Policy Statement on Domestic Violence Couple's Counseling



The following policy statement on couples counseling appears in Confronting the Batterer, written by Phyllis B. Frank, M.A. and Beverly D. Houghton, Ph.D., for the Volunteer for Counseling Service of Rockland Co., Inc. It is reprinted here with the permission of Phyllis B. Frank.


Couple counseling is not a viable therapeutic tool for use in violent family relationships. We define a violent family relationship as one in which physical or sexual assaults occur, threats of violence occur, and/or woman lives in an environment of fear caused by her partner. Couple counseling remains inappropriate even when both parties request it and/or want to maintain the couple relationship.


Couple counseling is beneficial to work on marital problems. Wife battering, however, is a violent criminal act, not a marital problem. It is illegal. It is a behavior that is solely the responsibility of the violent person, is chosen by him, and he alone is capable of changing it. This is true regardless of the alleged provocation, since the behavior of one family member cannot compel another family member to be violent. Violent behavior must be addressed and stopped before couple counseling takes place.


Volunteer Counseling Services (VCS) will not utilize couple counseling in violent relationships. Treating a couple together, before violence is addressed and stopped, could:


  • Endanger the battered woman who may face violence or threats of violence for revealing information during therapy which is disapproved by her partner;
  • Lend credence to the common misunderstanding that battered women are responsible for the violence inflicted upon them;
  • Ignore the denial, minimization and deception about the violence that occurs when the focus of counseling is on the couple's interaction.
  • Indicate that the therapist condones violence or that violence is acceptable or not important;
  • Reinforce stereotypic sex roles, thereby ignoring the battered woman's right and responsibility to choose whether or not to save the relationship;
  • Increase the battered woman's sense of isolation, as she may prevaricate about the violence of fear to speak, even in therapy. This can have the effect of discouraging her from taking any other positive action to eliminate the violence inflicted upon her; and
  • Imply that the battered woman has responsibility for seeing that the batterer gets help. Therapists need to be particularly wary of the manipulation inherent in a batterer's refusal of anything other than couple treatment.


VCS will recommend referral to a community's domestic violence services (shelters, safe-homes, support groups, advocacy services, and batterer's rehabilitation programs), to provide safety, legal assistance, and expertise in dealing with violence. Battered women should be encouraged to utilize these services. VCS further recommends that services be mandated for batterers. Should one or both partners receive individual counseling as a result, it is vital that the therapist be knowledgeable about the issue of domestic violence and therapeutic implications for treating battered women and batterers. This includes that therapists not assume that equal power exists in male/female relationships or that each partner is able to talk openly about violence. Therapists should directly and separately interview each partner to assess the incidence and current extent of the violence occurring in the relationship.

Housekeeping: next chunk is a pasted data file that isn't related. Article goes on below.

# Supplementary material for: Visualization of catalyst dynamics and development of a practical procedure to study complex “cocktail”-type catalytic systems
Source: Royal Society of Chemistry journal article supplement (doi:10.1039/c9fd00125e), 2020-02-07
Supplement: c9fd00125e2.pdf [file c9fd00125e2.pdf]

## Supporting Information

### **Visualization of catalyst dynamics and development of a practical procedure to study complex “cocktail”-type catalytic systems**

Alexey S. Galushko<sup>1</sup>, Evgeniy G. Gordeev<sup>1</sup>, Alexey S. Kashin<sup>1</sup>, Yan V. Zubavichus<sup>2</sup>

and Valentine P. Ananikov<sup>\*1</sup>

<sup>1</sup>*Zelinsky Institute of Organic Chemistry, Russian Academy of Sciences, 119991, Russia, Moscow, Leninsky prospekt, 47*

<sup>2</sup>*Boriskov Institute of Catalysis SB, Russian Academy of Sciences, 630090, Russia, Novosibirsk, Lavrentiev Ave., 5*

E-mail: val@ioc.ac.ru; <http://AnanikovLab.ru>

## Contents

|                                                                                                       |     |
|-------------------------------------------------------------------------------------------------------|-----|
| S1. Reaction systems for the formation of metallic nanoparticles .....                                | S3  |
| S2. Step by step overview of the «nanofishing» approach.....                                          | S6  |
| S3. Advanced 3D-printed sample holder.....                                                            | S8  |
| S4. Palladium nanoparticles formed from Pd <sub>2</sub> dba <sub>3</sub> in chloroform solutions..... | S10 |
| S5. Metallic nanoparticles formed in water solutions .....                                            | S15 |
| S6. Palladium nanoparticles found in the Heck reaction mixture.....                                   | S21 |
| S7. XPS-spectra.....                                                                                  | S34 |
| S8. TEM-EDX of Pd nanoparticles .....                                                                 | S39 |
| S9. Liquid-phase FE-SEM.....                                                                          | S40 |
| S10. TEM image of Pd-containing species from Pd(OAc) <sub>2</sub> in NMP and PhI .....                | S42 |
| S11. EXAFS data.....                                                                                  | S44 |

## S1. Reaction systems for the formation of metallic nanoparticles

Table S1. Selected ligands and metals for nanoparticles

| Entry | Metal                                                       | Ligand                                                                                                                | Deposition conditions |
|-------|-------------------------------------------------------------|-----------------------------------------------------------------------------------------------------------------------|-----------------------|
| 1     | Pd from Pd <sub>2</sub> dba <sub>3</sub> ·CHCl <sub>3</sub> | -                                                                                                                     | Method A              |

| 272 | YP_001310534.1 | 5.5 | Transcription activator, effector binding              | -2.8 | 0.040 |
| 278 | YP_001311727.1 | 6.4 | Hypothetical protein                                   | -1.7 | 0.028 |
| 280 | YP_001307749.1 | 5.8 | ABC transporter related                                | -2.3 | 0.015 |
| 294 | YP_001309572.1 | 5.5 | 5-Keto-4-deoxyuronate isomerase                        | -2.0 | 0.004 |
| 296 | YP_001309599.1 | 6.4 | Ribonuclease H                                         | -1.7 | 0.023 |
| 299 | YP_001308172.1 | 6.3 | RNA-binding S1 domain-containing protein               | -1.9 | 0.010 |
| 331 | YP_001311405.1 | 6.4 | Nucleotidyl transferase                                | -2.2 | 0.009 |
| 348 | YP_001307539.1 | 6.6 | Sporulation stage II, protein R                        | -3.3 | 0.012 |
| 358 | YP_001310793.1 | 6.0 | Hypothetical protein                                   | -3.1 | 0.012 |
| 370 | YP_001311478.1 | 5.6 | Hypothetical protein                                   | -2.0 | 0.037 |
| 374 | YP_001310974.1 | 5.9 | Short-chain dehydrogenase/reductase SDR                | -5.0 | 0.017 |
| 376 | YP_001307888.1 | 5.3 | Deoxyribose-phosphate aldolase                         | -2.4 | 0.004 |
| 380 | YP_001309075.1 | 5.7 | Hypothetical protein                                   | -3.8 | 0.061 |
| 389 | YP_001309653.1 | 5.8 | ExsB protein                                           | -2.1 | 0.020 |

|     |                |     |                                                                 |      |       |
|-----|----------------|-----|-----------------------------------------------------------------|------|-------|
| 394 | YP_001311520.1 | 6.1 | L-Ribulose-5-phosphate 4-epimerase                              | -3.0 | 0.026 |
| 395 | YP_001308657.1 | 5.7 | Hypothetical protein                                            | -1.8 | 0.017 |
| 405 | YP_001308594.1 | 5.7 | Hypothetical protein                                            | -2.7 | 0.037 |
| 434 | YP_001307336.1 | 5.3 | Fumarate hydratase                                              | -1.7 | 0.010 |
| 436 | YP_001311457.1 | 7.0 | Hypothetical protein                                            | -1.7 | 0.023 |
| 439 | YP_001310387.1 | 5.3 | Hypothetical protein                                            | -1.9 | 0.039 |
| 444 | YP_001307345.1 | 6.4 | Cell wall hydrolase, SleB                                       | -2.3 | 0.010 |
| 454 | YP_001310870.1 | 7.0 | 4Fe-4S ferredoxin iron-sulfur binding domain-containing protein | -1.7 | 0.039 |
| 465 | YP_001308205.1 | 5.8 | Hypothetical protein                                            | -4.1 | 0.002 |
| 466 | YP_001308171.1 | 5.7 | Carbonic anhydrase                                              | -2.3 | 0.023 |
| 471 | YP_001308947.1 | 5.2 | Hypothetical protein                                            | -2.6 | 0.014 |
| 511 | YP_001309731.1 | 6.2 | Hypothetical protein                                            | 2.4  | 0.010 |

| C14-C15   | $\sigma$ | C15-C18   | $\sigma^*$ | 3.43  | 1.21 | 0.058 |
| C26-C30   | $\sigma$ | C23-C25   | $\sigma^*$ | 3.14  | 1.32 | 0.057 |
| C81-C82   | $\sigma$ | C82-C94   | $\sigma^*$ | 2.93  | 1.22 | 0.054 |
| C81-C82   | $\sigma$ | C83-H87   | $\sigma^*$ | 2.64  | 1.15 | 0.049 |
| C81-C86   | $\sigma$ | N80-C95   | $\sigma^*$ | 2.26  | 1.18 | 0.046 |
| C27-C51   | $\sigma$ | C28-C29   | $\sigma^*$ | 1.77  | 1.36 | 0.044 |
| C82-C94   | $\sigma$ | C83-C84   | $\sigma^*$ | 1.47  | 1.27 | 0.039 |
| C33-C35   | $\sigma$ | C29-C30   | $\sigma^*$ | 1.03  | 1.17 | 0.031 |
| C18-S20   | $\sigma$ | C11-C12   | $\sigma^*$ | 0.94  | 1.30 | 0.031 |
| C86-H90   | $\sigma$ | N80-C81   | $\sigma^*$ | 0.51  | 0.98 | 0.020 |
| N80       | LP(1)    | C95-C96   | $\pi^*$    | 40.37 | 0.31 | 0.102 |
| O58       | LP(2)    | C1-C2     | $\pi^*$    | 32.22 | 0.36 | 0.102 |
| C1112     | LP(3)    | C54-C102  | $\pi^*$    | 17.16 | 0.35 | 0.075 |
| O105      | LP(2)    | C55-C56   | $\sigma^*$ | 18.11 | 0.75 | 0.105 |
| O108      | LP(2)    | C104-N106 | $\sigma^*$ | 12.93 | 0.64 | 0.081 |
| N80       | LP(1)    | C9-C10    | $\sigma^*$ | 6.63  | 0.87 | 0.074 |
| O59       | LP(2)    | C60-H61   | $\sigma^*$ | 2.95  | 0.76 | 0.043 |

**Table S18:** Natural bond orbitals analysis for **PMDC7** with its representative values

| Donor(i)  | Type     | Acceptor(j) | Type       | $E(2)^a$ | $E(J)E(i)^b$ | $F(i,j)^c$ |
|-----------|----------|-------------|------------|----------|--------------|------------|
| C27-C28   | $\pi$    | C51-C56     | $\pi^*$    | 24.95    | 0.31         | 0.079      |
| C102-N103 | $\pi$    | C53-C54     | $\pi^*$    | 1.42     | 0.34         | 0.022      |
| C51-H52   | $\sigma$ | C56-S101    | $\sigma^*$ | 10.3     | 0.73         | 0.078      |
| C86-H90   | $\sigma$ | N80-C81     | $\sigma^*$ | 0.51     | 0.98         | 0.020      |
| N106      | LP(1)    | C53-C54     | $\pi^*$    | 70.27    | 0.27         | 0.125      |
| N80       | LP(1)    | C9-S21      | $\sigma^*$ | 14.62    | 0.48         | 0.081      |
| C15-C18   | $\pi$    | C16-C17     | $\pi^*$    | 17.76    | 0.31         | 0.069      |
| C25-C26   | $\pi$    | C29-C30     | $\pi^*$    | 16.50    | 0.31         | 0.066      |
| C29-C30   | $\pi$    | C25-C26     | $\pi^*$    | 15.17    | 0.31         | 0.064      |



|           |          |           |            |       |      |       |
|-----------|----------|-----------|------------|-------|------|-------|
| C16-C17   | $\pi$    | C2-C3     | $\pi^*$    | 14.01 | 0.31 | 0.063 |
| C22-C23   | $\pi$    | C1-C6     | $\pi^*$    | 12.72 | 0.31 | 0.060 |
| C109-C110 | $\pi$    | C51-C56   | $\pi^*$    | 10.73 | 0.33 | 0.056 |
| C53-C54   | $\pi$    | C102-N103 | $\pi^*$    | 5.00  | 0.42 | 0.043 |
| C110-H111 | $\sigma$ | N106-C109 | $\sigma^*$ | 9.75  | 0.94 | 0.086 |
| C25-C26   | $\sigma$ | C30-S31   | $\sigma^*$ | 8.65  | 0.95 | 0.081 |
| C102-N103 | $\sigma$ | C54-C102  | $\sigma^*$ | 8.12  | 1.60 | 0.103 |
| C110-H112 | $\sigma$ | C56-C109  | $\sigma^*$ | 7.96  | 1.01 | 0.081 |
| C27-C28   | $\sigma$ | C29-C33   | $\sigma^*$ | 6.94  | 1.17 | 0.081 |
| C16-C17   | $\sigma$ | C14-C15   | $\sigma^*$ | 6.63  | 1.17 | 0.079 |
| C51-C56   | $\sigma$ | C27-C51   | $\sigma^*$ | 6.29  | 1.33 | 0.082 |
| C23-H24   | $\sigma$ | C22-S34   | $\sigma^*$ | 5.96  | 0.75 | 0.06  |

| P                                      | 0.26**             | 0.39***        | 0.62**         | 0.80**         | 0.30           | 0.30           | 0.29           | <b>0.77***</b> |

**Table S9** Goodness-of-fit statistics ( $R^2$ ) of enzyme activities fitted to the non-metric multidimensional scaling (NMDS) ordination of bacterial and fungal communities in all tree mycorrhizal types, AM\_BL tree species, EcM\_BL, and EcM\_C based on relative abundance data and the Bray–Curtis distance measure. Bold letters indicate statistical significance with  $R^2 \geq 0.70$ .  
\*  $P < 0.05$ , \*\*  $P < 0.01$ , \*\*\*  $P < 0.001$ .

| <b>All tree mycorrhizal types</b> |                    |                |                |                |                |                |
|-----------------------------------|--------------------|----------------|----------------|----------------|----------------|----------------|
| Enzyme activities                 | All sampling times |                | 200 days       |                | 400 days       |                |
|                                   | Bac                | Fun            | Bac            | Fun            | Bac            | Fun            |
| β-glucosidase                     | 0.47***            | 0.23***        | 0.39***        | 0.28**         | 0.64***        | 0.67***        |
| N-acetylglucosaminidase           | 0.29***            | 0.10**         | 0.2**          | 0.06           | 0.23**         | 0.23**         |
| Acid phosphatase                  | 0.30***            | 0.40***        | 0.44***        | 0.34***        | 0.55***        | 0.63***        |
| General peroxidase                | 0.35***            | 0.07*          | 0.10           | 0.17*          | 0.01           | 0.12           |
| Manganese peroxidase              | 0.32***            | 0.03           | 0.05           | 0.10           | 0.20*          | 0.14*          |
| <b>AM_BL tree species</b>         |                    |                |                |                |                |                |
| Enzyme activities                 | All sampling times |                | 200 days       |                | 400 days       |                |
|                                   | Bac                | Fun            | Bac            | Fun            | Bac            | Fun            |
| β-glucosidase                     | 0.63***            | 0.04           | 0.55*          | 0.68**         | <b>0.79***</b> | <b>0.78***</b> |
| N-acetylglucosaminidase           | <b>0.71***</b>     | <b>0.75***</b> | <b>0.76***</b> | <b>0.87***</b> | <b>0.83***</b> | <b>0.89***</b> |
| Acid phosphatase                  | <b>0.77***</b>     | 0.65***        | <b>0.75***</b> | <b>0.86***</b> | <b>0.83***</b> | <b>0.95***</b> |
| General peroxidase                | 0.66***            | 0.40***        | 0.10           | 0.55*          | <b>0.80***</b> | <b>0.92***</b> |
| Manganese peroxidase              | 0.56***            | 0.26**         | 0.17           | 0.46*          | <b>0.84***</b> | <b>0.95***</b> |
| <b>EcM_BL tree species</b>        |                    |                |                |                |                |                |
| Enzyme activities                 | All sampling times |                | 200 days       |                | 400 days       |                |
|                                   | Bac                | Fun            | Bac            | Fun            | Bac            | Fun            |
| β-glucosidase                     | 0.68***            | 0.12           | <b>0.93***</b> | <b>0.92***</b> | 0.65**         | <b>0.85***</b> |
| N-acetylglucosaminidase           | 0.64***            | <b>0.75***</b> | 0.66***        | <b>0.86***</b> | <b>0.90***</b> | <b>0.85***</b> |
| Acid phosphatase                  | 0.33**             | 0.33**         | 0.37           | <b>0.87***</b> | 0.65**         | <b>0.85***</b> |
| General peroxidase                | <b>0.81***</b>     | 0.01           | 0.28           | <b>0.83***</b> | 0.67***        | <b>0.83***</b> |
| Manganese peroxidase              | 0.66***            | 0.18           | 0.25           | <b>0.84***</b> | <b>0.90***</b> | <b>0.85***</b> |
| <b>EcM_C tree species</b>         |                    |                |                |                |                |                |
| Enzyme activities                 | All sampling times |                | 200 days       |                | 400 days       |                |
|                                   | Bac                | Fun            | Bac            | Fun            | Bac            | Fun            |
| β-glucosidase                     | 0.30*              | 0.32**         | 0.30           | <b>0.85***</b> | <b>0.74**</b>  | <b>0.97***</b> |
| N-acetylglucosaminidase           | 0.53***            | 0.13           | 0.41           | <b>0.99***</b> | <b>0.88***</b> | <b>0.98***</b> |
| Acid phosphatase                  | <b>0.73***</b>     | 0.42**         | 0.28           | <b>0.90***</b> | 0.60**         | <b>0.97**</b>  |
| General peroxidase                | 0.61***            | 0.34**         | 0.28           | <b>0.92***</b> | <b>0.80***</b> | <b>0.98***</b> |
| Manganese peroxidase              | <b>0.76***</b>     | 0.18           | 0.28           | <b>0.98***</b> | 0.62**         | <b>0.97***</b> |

Ending violence in the relationship is dependent solely on the batterer's motivation and commitment to do so. This will not always happen and, if it does, it may not occur overnight. It is possible only if the batterer seeks help, gets help and keeps working at it. Many men will drop out of treatment along the way. However, even continued participation by a batterer in a program is no guarantee that he will change. If battering continues, a woman may eventually need to ask herself, "Am I willing to stay in a violent relationship?" The answer to that must be arrived at by each individual woman.


If the batterer does change and the relationship is intact, couple counseling becomes a viable modality--but only for nonviolent couples in which both partners separately request couple counseling. A former violent man can be redefined as nonviolent if:

  • The former batterer participates in some form of ongoing treatment (educational workshop, support groups, individual counseling, etc.) to consolidate his behavioral change and to prove his commitment to work on ending his violence.
  • The former batterer acknowledges his responsibility for his violent actions; he recognizes his ability to control and stop his violence toward his partner; he further states clearly that he will not be violent towards her; she validates, in a separate session, not only that he has not been violent, but that he has affirmed to her his commitment never to be so again;
  • A significant period of time passes during which his treatment continues and there is no further violence (approximately one year from onset treatment).

The batterer and the battered woman have two different problems. His problem is his violent behavior. Hers is that she is coupled with a batterer. These two distinct issues are safely and effectively dealt with in separate counseling.

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